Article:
Injury Prevention

“I’m a Math major and I want NUMBERS, not words, about performance injuries!”

One thing's for sure–many musicians (student, professional, and everywhere in between) experience performance-related injuries at some point in their careers.

A recently published study of incoming freshman instrumentalists at Northwestern University found that 79% of students reported “a history of playing-related pain.”

Approximately 85% of string, woodwind, brass, and keyboard students reported experience with performance injuries, as did 61% of voice students and 100% of percussion students.1

This phenomenon isn’t just a by-product of Conservatory culture.  It’s also an acknowledged aspect of professional life.

A 1987 survey of international orchestral professionals2 found that, at the time, 76% of orchestral musicians experienced at least one performance-related injury of a serious nature.

And it’s not just Conservatory students and orchestral professionals.  Even a study of amateur musicians rated overuse injuries at 72%. 3

The moral of the story: music is a rigorous field of study and a demanding line of work.  The vast majority of musicians experience pain at some point in their lives.  Therefore: educate yourself, develop healthy habits, and know that if you do start hurting, you are not alone!

1 Brandfonbrener, Alice G. "History of Playing-related Pain in 330 University Freshman Music Students." Medical Problems of Performing Artists. Vol. 24, No. 1, Mar. 2009: 30-36.
2 Fishbein, Martin and Susan E. Middlestadt, et al. "Medical problems among ICSOM musicians: overview of a national survey." Medical Problems of Performing Artists. Vol. 3, No. 1, Mar. 1988: 1-8.
3 Newmark, Jonathan and Richard J. Lederman. "Practice doesn't necessarily make perfect: Incidence of overuse syndromes in amateur instrumentalists." Medical Problems of Performing Artists. Vol. 2, No. 4, Dec. 1987: 142-144.

 

Janet Horvath's Do's and Don'ts for Injury Prefention (PDF)

   - See more about injury prevention from Janet Horvath

+ Personal Experiences from Students

The following are accounts from LU Conservatory students who have had personal experience dealing with playing-related injuries, and have found their own ways to address them.

Dan Schenk '09

     When I entered Lawrence as a freshman, practicing was something I prided myself on.  I could find time to practice six hours a day, sometimes more on the weekends! As my first two years went by I developed the idea that I could tell how well I had practiced any given day if I felt exhausted by the end of it. What I did not realize was that this idea was actually preventing me from seeing my exhaustion for what it really was: a daily build-up of fatigue that would eventually lead to tendonitis.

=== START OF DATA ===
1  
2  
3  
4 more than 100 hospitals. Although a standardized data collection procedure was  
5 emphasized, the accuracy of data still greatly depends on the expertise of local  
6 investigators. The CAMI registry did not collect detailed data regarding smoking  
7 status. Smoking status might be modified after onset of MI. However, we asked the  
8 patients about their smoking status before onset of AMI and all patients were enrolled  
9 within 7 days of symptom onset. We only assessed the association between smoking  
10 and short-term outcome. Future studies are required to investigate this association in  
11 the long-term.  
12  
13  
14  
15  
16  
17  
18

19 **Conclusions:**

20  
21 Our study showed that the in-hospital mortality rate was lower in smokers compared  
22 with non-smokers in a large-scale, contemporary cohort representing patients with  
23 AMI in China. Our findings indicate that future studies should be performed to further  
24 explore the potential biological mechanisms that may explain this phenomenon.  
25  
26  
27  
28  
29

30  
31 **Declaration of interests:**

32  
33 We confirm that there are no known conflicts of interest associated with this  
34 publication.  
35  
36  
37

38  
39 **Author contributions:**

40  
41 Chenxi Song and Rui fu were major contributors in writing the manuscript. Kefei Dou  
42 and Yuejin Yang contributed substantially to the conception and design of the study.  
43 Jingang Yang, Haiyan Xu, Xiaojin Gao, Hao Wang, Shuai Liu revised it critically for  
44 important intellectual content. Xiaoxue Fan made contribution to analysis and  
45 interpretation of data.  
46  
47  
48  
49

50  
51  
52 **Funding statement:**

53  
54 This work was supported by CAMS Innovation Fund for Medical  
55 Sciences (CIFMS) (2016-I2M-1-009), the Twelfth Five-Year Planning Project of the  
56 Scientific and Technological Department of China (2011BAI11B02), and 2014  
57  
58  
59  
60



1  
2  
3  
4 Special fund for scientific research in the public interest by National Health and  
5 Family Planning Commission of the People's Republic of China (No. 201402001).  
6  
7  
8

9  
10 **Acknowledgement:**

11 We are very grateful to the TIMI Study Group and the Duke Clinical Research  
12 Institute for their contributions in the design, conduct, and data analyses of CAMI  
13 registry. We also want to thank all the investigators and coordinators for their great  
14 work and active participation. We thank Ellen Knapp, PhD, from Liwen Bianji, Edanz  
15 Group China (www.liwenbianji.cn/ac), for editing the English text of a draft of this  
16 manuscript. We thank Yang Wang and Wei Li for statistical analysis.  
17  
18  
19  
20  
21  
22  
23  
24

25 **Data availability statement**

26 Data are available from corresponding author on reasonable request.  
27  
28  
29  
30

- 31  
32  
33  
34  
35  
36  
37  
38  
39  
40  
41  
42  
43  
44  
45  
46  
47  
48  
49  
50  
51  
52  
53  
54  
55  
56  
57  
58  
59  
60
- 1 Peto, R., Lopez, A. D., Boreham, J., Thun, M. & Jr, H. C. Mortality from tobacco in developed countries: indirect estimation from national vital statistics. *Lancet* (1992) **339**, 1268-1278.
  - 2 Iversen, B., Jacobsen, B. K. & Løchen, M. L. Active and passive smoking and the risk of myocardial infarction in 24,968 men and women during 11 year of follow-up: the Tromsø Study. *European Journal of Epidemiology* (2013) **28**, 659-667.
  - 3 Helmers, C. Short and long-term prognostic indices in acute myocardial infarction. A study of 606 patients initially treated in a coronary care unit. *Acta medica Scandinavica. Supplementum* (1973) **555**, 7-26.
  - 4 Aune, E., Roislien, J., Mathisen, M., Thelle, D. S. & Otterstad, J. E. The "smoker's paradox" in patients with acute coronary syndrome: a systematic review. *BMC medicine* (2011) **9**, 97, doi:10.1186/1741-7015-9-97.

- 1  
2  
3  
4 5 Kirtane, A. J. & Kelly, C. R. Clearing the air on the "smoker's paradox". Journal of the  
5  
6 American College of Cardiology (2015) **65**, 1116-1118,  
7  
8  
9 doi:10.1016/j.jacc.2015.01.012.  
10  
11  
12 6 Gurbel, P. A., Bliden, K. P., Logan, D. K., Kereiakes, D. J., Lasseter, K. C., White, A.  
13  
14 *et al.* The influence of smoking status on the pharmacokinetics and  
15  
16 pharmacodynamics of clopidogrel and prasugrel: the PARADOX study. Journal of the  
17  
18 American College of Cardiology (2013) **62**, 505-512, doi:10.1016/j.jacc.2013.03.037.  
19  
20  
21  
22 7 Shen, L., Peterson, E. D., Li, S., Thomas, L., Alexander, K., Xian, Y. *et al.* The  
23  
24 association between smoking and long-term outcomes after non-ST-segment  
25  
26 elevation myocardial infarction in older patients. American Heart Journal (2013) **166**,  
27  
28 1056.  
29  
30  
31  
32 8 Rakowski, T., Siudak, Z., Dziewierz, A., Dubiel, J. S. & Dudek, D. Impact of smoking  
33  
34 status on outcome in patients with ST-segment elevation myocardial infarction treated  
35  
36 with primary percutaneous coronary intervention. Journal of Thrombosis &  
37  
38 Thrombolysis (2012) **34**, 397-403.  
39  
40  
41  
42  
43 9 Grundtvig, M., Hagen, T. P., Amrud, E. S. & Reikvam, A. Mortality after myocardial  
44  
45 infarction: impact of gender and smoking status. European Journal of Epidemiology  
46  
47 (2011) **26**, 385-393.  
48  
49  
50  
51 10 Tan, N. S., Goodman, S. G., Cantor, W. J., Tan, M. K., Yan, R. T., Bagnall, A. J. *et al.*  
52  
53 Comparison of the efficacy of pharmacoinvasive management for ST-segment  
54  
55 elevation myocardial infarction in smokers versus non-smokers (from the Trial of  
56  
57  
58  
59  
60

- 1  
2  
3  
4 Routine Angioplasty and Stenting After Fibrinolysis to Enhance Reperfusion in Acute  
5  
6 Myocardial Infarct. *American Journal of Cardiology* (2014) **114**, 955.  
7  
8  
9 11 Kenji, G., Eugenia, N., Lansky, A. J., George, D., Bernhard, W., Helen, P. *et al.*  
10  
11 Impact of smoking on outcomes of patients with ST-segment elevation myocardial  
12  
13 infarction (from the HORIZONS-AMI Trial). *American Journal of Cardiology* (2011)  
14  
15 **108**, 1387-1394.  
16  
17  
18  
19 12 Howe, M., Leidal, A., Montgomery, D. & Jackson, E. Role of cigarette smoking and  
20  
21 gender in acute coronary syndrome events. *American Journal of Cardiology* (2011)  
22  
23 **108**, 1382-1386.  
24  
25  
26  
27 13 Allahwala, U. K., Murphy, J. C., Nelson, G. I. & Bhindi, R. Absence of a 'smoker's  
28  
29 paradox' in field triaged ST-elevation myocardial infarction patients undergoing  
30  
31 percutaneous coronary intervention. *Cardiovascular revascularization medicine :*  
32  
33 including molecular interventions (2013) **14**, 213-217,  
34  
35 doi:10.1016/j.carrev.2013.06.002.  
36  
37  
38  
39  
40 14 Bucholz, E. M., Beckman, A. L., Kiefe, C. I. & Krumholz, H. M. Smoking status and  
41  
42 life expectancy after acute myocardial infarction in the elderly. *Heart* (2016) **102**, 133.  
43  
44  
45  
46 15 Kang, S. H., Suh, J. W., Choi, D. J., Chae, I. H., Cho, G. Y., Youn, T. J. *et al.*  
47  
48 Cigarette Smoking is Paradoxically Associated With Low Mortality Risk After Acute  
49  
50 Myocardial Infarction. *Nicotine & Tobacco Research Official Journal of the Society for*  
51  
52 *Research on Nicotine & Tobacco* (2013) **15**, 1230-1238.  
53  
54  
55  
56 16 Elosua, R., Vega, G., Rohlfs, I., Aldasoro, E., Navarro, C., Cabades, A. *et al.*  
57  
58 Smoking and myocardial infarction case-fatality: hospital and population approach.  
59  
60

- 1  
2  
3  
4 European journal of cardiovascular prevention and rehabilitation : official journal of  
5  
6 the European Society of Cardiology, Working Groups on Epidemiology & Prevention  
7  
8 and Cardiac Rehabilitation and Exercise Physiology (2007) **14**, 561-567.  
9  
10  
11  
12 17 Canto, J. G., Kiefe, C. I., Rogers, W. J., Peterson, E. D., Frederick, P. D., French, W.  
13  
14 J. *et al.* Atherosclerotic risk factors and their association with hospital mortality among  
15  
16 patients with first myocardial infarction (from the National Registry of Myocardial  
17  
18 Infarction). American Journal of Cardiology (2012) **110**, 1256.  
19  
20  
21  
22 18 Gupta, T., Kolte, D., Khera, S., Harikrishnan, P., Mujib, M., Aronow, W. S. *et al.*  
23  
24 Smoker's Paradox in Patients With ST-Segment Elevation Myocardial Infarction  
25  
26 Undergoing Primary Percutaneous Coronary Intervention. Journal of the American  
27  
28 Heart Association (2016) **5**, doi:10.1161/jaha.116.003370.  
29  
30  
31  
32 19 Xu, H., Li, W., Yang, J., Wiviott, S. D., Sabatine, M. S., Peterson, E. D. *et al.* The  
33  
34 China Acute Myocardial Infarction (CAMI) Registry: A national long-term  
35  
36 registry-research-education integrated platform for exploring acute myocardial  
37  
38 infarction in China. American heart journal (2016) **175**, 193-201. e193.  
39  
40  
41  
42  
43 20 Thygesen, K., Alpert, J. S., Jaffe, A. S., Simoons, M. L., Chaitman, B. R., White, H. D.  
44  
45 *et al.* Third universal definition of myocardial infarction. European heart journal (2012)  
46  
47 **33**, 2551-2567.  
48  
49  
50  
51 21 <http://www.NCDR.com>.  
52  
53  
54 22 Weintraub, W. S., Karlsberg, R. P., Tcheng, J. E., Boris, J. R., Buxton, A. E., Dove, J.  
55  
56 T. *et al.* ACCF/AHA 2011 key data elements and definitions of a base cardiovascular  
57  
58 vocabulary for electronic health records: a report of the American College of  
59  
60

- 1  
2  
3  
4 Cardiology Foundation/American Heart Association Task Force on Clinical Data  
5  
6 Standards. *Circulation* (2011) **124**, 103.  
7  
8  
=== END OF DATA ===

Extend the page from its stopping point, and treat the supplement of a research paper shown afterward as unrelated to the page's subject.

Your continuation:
The summer before my junior year I attended a music camp in the mountains, where I thought I could use a rest from the fast-paced conservatory year, practicing fewer hours than ever each day.  When I came back to school from that summer I jumped back into my high-gear practice schedule, and quickly found I was getting as exhausted after an hour practice as when I had been practicing six hours.  This led me to believe that I was out of shape, so I worked extra hard for a month, but each week my arms felt weaker and less under my control.  I had worked my arms into ruin, without realizing that injury was a consequence of practicing too much.  A trip to a specialist confirmed that I had developed tendonitis in both of my forearms and wrists, and without much choice was told that my only option was to rest my arms for as long as they needed to heal properly.
      For the rest of that year and all of the next I researched all the potential habits that could have led me to such a crippling injury.  What I found was that there were a large number of contributing factors to my injuries, most having to do with practicing. After that year and a half of not playing I was able to consciously change my approach to playing the piano.  I reworked everything having to do with posture and scheduling more frequent breaks, to how much repertoire I would allow myself to play and making sure I gave myself enough time to learn it with the most efficient technique.  I am happy to say that today my time was well spent, as my abilities are almost restored to what they once were three years ago, and I have no fear of ever overlooking the early signs of injury again.

Paris Brown '08

      It was the summer before my last year at Lawrence and I was in full swing with preparations for senior year recital, graduate school and opera auditions. In addition to weekly lessons, and daily practices, I was singing in a church choir and giving campus tours 1-2 times a day.  Coupled with my permanent struggle with year-round allergies and post-nasal drip, I created a situation where I was putting a significant amount of stress on my voice.  At first I didn’t notice any symptoms, but then I began to notice subtle signs of discomfort; prolonged hoarseness after a tour, loss of range and inability to practice as long as usual. Upon having a video stroboscopy, my otolaryngologist informed me that I had developed the beginning stages of vocal nodes (sometimes called nodules), or calluses, and if left untreated, it would be difficult to have a successful career in classical singing.